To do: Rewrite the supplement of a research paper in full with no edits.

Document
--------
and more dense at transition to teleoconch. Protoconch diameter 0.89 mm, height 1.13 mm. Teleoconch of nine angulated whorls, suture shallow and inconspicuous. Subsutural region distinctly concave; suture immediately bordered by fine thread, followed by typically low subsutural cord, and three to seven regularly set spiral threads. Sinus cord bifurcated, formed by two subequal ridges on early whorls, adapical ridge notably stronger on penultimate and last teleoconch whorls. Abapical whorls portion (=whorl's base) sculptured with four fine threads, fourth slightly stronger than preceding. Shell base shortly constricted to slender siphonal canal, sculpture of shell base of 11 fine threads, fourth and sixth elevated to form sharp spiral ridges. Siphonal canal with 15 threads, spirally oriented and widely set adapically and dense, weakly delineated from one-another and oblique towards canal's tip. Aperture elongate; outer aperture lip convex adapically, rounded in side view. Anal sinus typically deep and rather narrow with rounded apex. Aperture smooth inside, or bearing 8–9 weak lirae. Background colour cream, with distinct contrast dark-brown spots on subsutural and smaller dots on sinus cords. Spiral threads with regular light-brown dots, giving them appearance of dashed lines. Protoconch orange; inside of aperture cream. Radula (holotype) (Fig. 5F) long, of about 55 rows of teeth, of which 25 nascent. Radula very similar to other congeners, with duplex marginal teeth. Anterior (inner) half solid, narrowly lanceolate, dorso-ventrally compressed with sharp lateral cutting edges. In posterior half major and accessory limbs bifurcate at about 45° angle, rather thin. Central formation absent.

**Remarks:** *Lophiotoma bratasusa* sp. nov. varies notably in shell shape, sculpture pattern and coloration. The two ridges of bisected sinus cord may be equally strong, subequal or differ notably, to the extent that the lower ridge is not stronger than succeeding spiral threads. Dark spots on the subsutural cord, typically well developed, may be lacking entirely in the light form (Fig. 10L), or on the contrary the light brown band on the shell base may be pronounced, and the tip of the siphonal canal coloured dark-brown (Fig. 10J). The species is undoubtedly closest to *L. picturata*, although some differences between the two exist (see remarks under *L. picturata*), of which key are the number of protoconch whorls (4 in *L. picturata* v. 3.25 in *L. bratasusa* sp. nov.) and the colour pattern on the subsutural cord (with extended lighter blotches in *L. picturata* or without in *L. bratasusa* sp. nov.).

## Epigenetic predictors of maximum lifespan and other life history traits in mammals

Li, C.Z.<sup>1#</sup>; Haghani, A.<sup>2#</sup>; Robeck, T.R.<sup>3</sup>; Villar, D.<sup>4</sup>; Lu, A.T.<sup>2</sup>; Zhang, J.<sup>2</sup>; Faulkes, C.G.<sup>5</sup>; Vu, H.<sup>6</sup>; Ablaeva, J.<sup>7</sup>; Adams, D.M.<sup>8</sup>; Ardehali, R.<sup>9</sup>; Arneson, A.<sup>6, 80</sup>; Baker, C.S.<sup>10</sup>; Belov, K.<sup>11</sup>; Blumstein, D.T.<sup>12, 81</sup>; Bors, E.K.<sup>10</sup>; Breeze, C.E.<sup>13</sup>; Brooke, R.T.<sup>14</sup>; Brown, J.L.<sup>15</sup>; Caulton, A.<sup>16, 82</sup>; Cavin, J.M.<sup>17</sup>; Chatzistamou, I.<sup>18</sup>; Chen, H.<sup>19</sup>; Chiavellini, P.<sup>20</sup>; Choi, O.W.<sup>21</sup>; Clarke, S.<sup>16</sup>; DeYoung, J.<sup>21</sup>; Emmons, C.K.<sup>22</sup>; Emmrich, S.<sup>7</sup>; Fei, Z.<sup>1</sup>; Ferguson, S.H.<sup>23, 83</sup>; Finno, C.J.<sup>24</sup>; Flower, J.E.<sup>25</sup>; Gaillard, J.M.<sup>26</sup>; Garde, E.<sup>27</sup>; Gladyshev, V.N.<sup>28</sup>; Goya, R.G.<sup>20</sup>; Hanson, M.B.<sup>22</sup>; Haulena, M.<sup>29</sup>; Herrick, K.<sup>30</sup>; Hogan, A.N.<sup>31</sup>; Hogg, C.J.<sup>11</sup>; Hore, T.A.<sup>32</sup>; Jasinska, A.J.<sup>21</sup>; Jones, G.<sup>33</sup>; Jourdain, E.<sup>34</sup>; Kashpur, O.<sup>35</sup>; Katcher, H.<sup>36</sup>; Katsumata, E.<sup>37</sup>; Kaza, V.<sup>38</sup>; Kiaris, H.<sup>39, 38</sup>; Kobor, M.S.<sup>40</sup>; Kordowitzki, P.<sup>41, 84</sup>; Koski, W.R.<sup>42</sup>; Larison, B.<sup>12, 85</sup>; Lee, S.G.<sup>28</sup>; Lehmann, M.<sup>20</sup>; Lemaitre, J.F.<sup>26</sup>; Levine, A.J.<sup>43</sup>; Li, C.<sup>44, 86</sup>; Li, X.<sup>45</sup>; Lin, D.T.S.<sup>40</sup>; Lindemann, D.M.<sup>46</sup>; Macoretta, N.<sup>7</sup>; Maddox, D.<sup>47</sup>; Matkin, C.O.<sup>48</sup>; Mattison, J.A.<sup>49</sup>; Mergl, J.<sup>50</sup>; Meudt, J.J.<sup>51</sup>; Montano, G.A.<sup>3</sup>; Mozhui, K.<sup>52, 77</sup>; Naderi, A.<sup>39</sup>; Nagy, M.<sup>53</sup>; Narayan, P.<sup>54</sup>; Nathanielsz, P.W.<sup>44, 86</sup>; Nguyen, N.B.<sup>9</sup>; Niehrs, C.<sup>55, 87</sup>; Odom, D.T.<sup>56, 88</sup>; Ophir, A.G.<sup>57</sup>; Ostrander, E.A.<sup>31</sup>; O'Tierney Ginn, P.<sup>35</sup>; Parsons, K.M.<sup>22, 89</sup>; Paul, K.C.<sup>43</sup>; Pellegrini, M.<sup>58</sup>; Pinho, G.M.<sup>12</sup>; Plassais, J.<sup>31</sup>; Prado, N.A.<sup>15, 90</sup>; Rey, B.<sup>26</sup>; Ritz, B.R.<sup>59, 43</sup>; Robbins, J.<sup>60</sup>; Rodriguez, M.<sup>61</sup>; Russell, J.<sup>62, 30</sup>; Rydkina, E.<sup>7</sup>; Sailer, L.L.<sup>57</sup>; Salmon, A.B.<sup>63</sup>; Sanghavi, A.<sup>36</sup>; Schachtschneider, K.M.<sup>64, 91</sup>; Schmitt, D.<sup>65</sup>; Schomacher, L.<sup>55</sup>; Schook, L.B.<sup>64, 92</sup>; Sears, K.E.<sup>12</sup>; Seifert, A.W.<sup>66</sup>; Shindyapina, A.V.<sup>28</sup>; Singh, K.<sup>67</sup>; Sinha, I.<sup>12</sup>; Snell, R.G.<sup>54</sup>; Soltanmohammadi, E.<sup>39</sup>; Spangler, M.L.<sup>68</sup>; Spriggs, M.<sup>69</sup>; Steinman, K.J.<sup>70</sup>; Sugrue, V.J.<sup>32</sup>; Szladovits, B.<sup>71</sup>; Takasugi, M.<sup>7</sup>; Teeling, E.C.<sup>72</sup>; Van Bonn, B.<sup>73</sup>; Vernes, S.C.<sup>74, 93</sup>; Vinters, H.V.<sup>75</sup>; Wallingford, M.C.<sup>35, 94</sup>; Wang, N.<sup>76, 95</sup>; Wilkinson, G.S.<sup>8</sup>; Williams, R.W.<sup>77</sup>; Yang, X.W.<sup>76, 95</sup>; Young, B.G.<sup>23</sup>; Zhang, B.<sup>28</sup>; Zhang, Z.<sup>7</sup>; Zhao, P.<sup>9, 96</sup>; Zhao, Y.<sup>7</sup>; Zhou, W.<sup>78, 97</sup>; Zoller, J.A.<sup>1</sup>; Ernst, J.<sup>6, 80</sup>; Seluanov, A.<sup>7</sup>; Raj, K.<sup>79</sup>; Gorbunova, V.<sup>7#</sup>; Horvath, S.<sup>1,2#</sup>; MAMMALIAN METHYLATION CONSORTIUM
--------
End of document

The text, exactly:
and more dense at transition to teleoconch. Protoconch diameter 0.89 mm, height 1.13 mm. Teleoconch of nine angulated whorls, suture shallow and inconspicuous. Subsutural region distinctly concave; suture immediately bordered by fine thread, followed by typically low subsutural cord, and three to seven regularly set spiral threads. Sinus cord bifurcated, formed by two subequal ridges on early whorls, adapical ridge notably stronger on penultimate and last teleoconch whorls. Abapical whorls portion (=whorl's base) sculptured with four fine threads, fourth slightly stronger than preceding. Shell base shortly constricted to slender siphonal canal, sculpture of shell base of 11 fine threads, fourth and sixth elevated to form sharp spiral ridges. Siphonal canal with 15 threads, spirally oriented and widely set adapically and dense, weakly delineated from one-another and oblique towards canal's tip. Aperture elongate; outer aperture lip convex adapically, rounded in side view. Anal sinus typically deep and rather narrow with rounded apex. Aperture smooth inside, or bearing 8–9 weak lirae. Background colour cream, with distinct contrast dark-brown spots on subsutural and smaller dots on sinus cords. Spiral threads with regular light-brown dots, giving them appearance of dashed lines. Protoconch orange; inside of aperture cream. Radula (holotype) (Fig. 5F) long, of about 55 rows of teeth, of which 25 nascent. Radula very similar to other congeners, with duplex marginal teeth. Anterior (inner) half solid, narrowly lanceolate, dorso-ventrally compressed with sharp lateral cutting edges. In posterior half major and accessory limbs bifurcate at about 45° angle, rather thin. Central formation absent.

**Remarks:** *Lophiotoma bratasusa* sp. nov. varies notably in shell shape, sculpture pattern and coloration. The two ridges of bisected sinus cord may be equally strong, subequal or differ notably, to the extent that the lower ridge is not stronger than succeeding spiral threads. Dark spots on the subsutural cord, typically well developed, may be lacking entirely in the light form (Fig. 10L), or on the contrary the light brown band on the shell base may be pronounced, and the tip of the siphonal canal coloured dark-brown (Fig. 10J). The species is undoubtedly closest to *L. picturata*, although some differences between the two exist (see remarks under *L. picturata*), of which key are the number of protoconch whorls (4 in *L. picturata* v. 3.25 in *L. bratasusa* sp. nov.) and the colour pattern on the subsutural cord (with extended lighter blotches in *L. picturata* or without in *L. bratasusa* sp. nov.).

## Epigenetic predictors of maximum lifespan and other life history traits in mammals

Li, C.Z.<sup>1#</sup>; Haghani, A.<sup>2#</sup>; Robeck, T.R.<sup>3</sup>; Villar, D.<sup>4</sup>; Lu, A.T.<sup>2</sup>; Zhang, J.<sup>2</sup>; Faulkes, C.G.<sup>5</sup>; Vu, H.<sup>6</sup>; Ablaeva, J.<sup>7</sup>; Adams, D.M.<sup>8</sup>; Ardehali, R.<sup>9</sup>; Arneson, A.<sup>6, 80</sup>; Baker, C.S.<sup>10</sup>; Belov, K.<sup>11</sup>; Blumstein, D.T.<sup>12, 81</sup>; Bors, E.K.<sup>10</sup>; Breeze, C.E.<sup>13</sup>; Brooke, R.T.<sup>14</sup>; Brown, J.L.<sup>15</sup>; Caulton, A.<sup>16, 82</sup>; Cavin, J.M.<sup>17</sup>; Chatzistamou, I.<sup>18</sup>; Chen, H.<sup>19</sup>; Chiavellini, P.<sup>20</sup>; Choi, O.W.<sup>21</sup>; Clarke, S.<sup>16</sup>; DeYoung, J.<sup>21</sup>; Emmons, C.K.<sup>22</sup>; Emmrich, S.<sup>7</sup>; Fei, Z.<sup>1</sup>; Ferguson, S.H.<sup>23, 83</sup>; Finno, C.J.<sup>24</sup>; Flower, J.E.<sup>25</sup>; Gaillard, J.M.<sup>26</sup>; Garde, E.<sup>27</sup>; Gladyshev, V.N.<sup>28</sup>; Goya, R.G.<sup>20</sup>; Hanson, M.B.<sup>22</sup>; Haulena, M.<sup>29</sup>; Herrick, K.<sup>30</sup>; Hogan, A.N.<sup>31</sup>; Hogg, C.J.<sup>11</sup>; Hore, T.A.<sup>32</sup>; Jasinska, A.J.<sup>21</sup>; Jones, G.<sup>33</sup>; Jourdain, E.<sup>34</sup>; Kashpur, O.<sup>35</sup>; Katcher, H.<sup>36</sup>; Katsumata, E.<sup>37</sup>; Kaza, V.<sup>38</sup>; Kiaris, H.<sup>39, 38</sup>; Kobor, M.S.<sup>40</sup>; Kordowitzki, P.<sup>41, 84</sup>; Koski, W.R.<sup>42</sup>; Larison, B.<sup>12, 85</sup>; Lee, S.G.<sup>28</sup>; Lehmann, M.<sup>20</sup>; Lemaitre, J.F.<sup>26</sup>; Levine, A.J.<sup>43</sup>; Li, C.<sup>44, 86</sup>; Li, X.<sup>45</sup>; Lin, D.T.S.<sup>40</sup>; Lindemann, D.M.<sup>46</sup>; Macoretta, N.<sup>7</sup>; Maddox, D.<sup>47</sup>; Matkin, C.O.<sup>48</sup>; Mattison, J.A.<sup>49</sup>; Mergl, J.<sup>50</sup>; Meudt, J.J.<sup>51</sup>; Montano, G.A.<sup>3</sup>; Mozhui, K.<sup>52, 77</sup>; Naderi, A.<sup>39</sup>; Nagy, M.<sup>53</sup>; Narayan, P.<sup>54</sup>; Nathanielsz, P.W.<sup>44, 86</sup>; Nguyen, N.B.<sup>9</sup>; Niehrs, C.<sup>55, 87</sup>; Odom, D.T.<sup>56, 88</sup>; Ophir, A.G.<sup>57</sup>; Ostrander, E.A.<sup>31</sup>; O'Tierney Ginn, P.<sup>35</sup>; Parsons, K.M.<sup>22, 89</sup>; Paul, K.C.<sup>43</sup>; Pellegrini, M.<sup>58</sup>; Pinho, G.M.<sup>12</sup>; Plassais, J.<sup>31</sup>; Prado, N.A.<sup>15, 90</sup>; Rey, B.<sup>26</sup>; Ritz, B.R.<sup>59, 43</sup>; Robbins, J.<sup>60</sup>; Rodriguez, M.<sup>61</sup>; Russell, J.<sup>62, 30</sup>; Rydkina, E.<sup>7</sup>; Sailer, L.L.<sup>57</sup>; Salmon, A.B.<sup>63</sup>; Sanghavi, A.<sup>36</sup>; Schachtschneider, K.M.<sup>64, 91</sup>; Schmitt, D.<sup>65</sup>; Schomacher, L.<sup>55</sup>; Schook, L.B.<sup>64, 92</sup>; Sears, K.E.<sup>12</sup>; Seifert, A.W.<sup>66</sup>; Shindyapina, A.V.<sup>28</sup>; Singh, K.<sup>67</sup>; Sinha, I.<sup>12</sup>; Snell, R.G.<sup>54</sup>; Soltanmohammadi, E.<sup>39</sup>; Spangler, M.L.<sup>68</sup>; Spriggs, M.<sup>69</sup>; Steinman, K.J.<sup>70</sup>; Sugrue, V.J.<sup>32</sup>; Szladovits, B.<sup>71</sup>; Takasugi, M.<sup>7</sup>; Teeling, E.C.<sup>72</sup>; Van Bonn, B.<sup>73</sup>; Vernes, S.C.<sup>74, 93</sup>; Vinters, H.V.<sup>75</sup>; Wallingford, M.C.<sup>35, 94</sup>; Wang, N.<sup>76, 95</sup>; Wilkinson, G.S.<sup>8</sup>; Williams, R.W.<sup>77</sup>; Yang, X.W.<sup>76, 95</sup>; Young, B.G.<sup>23</sup>; Zhang, B.<sup>28</sup>; Zhang, Z.<sup>7</sup>; Zhao, P.<sup>9, 96</sup>; Zhao, Y.<sup>7</sup>; Zhou, W.<sup>78, 97</sup>; Zoller, J.A.<sup>1</sup>; Ernst, J.<sup>6, 80</sup>; Seluanov, A.<sup>7</sup>; Raj, K.<sup>79</sup>; Gorbunova, V.<sup>7#</sup>; Horvath, S.<sup>1,2#</sup>; MAMMALIAN METHYLATION CONSORTIUM